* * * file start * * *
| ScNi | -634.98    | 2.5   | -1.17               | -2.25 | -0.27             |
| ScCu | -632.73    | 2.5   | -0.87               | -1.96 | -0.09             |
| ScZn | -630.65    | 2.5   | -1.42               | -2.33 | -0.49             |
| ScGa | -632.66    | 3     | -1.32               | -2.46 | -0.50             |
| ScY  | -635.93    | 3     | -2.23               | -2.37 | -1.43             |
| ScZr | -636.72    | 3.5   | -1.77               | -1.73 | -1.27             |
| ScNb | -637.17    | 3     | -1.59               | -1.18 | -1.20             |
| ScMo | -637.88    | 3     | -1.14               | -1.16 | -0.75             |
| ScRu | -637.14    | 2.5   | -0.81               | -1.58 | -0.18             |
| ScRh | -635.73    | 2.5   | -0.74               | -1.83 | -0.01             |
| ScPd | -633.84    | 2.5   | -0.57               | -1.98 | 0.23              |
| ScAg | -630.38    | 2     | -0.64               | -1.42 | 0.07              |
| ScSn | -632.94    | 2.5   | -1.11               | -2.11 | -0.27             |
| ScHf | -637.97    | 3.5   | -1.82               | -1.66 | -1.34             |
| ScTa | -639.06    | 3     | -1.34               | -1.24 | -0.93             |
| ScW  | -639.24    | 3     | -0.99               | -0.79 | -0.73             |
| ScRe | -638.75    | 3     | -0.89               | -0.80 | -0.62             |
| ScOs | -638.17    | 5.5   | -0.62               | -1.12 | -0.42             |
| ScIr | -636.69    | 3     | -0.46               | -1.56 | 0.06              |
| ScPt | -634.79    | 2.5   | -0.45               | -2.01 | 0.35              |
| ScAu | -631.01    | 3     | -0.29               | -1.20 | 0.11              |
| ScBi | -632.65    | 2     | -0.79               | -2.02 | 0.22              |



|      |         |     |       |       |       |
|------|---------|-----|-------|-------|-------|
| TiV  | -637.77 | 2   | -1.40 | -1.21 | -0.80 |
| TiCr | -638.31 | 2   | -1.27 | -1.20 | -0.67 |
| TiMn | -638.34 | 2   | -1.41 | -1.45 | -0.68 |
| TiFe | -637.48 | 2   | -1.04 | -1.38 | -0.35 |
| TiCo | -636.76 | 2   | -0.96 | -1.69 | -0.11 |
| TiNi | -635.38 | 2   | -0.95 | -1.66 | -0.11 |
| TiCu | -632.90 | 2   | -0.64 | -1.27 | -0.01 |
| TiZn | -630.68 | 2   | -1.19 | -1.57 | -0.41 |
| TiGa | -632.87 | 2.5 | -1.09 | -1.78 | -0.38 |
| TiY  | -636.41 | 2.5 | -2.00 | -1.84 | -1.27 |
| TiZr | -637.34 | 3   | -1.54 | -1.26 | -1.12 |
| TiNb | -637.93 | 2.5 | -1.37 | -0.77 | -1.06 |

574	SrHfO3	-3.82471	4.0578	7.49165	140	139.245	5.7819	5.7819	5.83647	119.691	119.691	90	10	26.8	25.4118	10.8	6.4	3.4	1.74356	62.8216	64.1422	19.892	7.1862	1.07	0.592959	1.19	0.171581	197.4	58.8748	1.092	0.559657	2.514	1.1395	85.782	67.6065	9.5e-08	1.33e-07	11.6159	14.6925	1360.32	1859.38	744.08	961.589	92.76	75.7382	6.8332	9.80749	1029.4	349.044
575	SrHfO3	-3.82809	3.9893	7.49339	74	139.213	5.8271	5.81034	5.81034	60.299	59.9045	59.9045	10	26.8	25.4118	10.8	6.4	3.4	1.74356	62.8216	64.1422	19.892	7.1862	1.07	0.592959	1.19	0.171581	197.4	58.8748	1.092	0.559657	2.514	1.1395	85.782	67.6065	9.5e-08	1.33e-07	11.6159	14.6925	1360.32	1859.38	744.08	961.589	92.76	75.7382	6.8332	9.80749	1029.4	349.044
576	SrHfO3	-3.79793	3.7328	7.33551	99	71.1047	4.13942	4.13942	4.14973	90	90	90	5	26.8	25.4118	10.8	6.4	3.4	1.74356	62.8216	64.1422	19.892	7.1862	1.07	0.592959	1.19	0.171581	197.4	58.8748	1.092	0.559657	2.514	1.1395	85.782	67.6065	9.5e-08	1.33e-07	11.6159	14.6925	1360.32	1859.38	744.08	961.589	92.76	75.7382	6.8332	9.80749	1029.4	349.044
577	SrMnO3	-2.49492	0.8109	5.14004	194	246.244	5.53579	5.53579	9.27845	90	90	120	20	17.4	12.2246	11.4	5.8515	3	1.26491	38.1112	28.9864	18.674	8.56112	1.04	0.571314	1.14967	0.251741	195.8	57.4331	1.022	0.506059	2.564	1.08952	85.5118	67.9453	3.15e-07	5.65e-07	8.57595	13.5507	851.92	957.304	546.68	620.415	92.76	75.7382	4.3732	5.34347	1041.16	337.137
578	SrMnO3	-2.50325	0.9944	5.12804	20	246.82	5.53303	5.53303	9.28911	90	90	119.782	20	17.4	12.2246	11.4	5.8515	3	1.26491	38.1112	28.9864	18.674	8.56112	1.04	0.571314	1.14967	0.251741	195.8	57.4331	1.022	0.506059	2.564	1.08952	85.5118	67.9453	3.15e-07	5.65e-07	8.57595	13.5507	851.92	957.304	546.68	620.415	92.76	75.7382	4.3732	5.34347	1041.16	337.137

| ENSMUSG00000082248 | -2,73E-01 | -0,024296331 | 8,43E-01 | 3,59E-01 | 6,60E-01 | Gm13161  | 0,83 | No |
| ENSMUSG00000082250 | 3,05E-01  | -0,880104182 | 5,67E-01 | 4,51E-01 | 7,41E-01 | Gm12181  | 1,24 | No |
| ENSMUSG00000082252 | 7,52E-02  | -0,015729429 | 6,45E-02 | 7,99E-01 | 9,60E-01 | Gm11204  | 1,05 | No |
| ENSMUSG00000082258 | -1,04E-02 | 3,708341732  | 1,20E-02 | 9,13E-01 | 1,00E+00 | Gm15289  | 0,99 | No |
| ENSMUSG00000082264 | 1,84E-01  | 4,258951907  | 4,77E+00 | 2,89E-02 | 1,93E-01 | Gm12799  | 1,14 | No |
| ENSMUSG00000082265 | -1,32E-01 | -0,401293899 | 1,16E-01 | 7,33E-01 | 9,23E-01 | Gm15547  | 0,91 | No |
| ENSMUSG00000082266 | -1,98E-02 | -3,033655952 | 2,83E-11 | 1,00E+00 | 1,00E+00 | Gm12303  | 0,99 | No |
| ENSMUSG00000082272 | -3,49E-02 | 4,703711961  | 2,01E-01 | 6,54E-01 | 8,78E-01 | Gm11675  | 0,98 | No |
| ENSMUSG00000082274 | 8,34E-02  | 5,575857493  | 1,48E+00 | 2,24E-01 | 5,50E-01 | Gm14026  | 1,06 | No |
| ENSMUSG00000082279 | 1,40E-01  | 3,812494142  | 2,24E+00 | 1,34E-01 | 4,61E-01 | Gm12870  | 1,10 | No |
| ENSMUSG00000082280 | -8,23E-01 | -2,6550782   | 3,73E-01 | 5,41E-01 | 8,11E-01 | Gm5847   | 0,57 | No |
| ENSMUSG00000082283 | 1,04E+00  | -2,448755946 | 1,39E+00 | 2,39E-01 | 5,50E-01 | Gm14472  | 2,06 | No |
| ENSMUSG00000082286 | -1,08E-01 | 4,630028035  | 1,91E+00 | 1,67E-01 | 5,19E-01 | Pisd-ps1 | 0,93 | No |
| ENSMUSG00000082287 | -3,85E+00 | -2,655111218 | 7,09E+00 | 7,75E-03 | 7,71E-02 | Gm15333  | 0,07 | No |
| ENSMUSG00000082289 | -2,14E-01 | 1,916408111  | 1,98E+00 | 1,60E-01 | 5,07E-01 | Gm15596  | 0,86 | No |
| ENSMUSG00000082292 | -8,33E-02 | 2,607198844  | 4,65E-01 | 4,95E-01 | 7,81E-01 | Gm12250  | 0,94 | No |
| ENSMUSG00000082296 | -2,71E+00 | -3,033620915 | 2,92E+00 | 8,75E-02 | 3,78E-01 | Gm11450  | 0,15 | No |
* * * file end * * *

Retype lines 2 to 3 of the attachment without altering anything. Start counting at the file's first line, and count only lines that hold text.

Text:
| ScCu | -632.73    | 2.5   | -0.87               | -1.96 | -0.09             |
| ScZn | -630.65    | 2.5   | -1.42               | -2.33 | -0.49             |